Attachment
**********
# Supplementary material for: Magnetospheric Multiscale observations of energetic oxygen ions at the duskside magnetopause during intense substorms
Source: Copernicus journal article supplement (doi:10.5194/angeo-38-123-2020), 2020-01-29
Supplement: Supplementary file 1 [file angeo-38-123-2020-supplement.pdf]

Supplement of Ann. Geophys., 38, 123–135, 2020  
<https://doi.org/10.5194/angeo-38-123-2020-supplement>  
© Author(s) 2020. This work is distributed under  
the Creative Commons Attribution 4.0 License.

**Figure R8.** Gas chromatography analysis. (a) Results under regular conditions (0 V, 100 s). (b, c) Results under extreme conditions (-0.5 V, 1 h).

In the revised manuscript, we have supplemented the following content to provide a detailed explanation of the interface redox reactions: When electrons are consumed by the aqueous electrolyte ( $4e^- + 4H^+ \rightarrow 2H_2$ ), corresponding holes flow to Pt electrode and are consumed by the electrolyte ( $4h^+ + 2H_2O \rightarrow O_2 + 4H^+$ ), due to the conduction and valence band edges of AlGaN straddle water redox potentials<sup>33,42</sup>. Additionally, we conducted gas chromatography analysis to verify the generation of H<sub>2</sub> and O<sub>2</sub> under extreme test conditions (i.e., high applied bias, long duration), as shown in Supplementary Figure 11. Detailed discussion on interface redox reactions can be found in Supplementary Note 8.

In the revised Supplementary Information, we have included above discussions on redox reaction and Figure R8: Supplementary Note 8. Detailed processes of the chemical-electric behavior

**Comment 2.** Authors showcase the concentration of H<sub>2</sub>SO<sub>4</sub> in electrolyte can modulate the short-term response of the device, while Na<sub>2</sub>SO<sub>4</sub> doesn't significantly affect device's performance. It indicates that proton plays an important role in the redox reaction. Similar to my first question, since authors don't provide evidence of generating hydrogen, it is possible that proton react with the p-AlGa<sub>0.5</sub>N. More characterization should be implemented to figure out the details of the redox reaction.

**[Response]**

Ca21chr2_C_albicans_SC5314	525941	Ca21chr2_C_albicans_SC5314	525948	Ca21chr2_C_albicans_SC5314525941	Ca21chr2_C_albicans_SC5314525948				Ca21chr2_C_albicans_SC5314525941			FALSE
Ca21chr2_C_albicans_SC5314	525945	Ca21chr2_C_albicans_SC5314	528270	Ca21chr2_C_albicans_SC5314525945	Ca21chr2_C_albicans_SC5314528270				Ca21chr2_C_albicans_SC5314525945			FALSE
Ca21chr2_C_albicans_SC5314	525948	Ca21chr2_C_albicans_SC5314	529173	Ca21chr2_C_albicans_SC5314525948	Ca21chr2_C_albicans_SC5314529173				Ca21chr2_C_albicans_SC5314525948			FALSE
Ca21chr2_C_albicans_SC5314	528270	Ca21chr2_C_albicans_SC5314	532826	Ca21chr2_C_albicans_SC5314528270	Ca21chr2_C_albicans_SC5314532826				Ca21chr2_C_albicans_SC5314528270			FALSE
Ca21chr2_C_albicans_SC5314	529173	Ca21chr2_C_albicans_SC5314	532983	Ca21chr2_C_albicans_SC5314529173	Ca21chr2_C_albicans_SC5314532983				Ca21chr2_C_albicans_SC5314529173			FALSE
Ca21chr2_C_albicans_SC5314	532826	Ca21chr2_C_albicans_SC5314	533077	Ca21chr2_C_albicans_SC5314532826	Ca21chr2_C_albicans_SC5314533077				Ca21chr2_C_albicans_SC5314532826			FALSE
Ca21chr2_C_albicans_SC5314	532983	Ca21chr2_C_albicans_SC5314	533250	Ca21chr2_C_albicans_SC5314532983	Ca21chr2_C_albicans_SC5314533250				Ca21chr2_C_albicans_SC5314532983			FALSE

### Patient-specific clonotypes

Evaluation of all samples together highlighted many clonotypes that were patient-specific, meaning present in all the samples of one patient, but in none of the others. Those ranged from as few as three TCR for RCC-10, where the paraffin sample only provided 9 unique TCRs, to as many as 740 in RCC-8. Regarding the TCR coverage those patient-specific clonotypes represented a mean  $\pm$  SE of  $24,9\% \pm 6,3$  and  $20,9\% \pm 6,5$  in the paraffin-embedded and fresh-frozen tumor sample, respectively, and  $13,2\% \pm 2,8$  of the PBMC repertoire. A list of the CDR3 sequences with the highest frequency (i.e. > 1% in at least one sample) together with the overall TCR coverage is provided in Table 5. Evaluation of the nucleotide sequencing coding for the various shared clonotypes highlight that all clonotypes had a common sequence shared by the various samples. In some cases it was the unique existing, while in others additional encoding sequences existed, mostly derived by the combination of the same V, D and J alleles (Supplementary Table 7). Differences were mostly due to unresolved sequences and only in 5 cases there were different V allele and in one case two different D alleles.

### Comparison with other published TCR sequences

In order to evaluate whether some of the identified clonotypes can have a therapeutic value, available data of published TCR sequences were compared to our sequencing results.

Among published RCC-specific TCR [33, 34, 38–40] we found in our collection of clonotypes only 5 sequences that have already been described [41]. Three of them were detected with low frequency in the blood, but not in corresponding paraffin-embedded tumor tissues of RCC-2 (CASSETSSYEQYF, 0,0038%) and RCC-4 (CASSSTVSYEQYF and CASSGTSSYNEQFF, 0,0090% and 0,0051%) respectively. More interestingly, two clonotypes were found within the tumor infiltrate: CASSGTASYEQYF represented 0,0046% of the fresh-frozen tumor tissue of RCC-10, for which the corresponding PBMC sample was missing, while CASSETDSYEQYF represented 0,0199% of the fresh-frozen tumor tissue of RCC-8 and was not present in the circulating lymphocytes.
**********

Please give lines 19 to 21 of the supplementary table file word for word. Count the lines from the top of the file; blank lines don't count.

Ca21chr2_C_albicans_SC5314	532983	Ca21chr2_C_albicans_SC5314	533250	Ca21chr2_C_albicans_SC5314532983	Ca21chr2_C_albicans_SC5314533250				Ca21chr2_C_albicans_SC5314532983			FALSE

### Patient-specific clonotypes

Evaluation of all samples together highlighted many clonotypes that were patient-specific, meaning present in all the samples of one patient, but in none of the others. Those ranged from as few as three TCR for RCC-10, where the paraffin sample only provided 9 unique TCRs, to as many as 740 in RCC-8. Regarding the TCR coverage those patient-specific clonotypes represented a mean  $\pm$  SE of  $24,9\% \pm 6,3$  and  $20,9\% \pm 6,5$  in the paraffin-embedded and fresh-frozen tumor sample, respectively, and  $13,2\% \pm 2,8$  of the PBMC repertoire. A list of the CDR3 sequences with the highest frequency (i.e. > 1% in at least one sample) together with the overall TCR coverage is provided in Table 5. Evaluation of the nucleotide sequencing coding for the various shared clonotypes highlight that all clonotypes had a common sequence shared by the various samples. In some cases it was the unique existing, while in others additional encoding sequences existed, mostly derived by the combination of the same V, D and J alleles (Supplementary Table 7). Differences were mostly due to unresolved sequences and only in 5 cases there were different V allele and in one case two different D alleles.